pay him an obedience as puro and perfect as possible. God has honoured us, by putting us under a law equally grand and extensive: “Thou shalt love the Lord thy God with all thy heart, and with all thy soul, and with all thy strength; and thy neighbour as thyself.” “Love is the ulfilling of the whole law:” it comprehends all that has been speciall commanded, and it comprehends infinitely more than words can explain or precepts define. He, therefore, who loves God as he ought to do, will not say, Shew me the precept which requires me to pray two or three times a day; point out where it is written that I must call my family together to worship; tell me the passage which commands me to go to church twice on the Sunday. No; but it is his fervent desire to honour and worship God as much as he can. The possibility of its being done, consistently with other duties, and with the natural infirmity of man, is the only measure of the extent of his obedience. If this principle is admitted, and its extent understood, the only question, as to family prayer, will be, How far will such a worship be agreeable to God and useful to my fellow-creatures: If it is calculated to honour God, and to be useful to man, there is no longer a question about its obligation. On this ground,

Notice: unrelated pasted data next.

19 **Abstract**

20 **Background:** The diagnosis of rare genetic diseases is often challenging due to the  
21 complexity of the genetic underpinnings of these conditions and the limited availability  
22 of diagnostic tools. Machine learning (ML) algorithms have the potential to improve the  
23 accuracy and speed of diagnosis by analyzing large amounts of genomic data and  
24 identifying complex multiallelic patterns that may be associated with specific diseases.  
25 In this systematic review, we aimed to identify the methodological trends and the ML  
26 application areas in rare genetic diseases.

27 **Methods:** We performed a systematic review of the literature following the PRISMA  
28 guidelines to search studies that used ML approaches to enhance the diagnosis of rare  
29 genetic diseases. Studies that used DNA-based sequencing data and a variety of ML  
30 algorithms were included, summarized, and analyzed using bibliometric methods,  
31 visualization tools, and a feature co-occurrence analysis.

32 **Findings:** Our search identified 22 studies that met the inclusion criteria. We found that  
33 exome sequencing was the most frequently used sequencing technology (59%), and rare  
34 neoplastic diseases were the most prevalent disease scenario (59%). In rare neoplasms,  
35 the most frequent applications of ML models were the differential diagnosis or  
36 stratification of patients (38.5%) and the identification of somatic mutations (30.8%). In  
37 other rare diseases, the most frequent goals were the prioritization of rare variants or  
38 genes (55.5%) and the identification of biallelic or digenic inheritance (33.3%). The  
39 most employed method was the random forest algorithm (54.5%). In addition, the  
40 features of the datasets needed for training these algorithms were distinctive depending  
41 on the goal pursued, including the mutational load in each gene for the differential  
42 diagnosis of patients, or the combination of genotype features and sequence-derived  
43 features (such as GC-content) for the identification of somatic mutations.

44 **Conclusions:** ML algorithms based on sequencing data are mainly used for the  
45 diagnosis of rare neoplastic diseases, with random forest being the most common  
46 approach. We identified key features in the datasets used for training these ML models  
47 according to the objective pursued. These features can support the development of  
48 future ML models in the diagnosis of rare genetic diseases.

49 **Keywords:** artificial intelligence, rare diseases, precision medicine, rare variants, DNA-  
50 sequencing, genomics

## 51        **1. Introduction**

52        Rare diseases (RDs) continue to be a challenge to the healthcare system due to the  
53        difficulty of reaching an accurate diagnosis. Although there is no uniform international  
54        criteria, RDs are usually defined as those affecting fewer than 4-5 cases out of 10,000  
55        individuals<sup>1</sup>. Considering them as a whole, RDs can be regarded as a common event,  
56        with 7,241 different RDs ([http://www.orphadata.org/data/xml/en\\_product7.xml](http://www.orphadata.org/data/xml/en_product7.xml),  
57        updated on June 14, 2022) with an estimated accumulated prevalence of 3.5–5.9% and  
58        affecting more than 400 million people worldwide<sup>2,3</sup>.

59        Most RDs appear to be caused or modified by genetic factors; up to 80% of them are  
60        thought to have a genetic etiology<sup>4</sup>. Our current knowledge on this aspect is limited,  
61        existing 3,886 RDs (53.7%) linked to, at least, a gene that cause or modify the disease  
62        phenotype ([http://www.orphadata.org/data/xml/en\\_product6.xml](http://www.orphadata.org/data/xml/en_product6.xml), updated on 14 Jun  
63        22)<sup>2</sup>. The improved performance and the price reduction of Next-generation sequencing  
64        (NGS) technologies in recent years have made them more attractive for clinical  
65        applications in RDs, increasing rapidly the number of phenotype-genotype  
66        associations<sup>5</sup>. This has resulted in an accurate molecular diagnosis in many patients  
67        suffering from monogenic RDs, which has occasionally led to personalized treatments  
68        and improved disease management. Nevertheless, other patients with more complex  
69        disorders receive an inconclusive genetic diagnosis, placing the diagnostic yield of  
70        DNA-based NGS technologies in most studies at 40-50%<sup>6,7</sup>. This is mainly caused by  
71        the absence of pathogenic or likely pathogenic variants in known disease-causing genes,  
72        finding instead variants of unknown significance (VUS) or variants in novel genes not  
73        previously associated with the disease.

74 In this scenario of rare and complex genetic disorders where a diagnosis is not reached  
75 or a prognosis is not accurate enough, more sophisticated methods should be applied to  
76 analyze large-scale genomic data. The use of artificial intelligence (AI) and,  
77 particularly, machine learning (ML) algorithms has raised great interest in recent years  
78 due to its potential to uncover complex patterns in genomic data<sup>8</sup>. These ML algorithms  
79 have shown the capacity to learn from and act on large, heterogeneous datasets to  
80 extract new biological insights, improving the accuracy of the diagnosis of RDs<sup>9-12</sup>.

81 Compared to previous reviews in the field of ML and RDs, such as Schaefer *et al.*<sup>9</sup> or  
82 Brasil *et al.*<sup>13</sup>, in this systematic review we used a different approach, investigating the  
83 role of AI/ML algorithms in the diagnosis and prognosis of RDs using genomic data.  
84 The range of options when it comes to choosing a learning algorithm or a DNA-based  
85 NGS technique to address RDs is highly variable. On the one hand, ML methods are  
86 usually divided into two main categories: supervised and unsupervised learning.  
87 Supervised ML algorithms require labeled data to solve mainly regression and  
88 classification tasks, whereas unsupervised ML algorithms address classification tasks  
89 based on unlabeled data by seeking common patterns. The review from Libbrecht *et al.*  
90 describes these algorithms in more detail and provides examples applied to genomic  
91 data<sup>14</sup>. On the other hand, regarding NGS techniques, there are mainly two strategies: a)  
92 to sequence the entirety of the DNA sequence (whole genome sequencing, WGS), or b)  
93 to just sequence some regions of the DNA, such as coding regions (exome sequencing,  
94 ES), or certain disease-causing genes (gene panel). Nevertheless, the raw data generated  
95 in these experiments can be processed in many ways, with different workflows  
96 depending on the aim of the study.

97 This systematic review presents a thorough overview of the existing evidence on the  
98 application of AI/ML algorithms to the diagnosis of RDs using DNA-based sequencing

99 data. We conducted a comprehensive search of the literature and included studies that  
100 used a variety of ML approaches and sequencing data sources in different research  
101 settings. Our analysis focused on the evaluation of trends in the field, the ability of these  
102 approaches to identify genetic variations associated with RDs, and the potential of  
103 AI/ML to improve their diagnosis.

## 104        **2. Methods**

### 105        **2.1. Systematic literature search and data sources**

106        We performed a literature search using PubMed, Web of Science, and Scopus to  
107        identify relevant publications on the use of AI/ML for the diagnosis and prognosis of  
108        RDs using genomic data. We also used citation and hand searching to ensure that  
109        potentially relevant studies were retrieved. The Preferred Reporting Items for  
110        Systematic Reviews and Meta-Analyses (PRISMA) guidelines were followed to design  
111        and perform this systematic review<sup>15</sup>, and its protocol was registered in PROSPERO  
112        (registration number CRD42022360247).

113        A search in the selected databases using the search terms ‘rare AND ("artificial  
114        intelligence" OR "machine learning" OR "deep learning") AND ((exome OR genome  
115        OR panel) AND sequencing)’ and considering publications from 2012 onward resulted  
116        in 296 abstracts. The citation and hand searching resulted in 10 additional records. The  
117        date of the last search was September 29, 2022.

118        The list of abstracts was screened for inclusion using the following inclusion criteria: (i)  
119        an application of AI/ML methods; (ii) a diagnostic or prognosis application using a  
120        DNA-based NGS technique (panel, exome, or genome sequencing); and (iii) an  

then, the duty of family worship.

may safely be made to rest. It honours God; it is useful to man;

while it is so far from being opposed.

to any of the commands of God that it harmonizes with them all. 1. What can better express the sense of the honour due to God, than that a family should daily meet for the purpose of solemnly acknowledging that He is their great Benefactor, their Friend, their Father? We

assemble in public worship weekly,

to solicit mercies in common with all

our fellow-creatures. We pray to

God in private for private mercies,

confessing to him our private sins.

But our relation as a family, dwell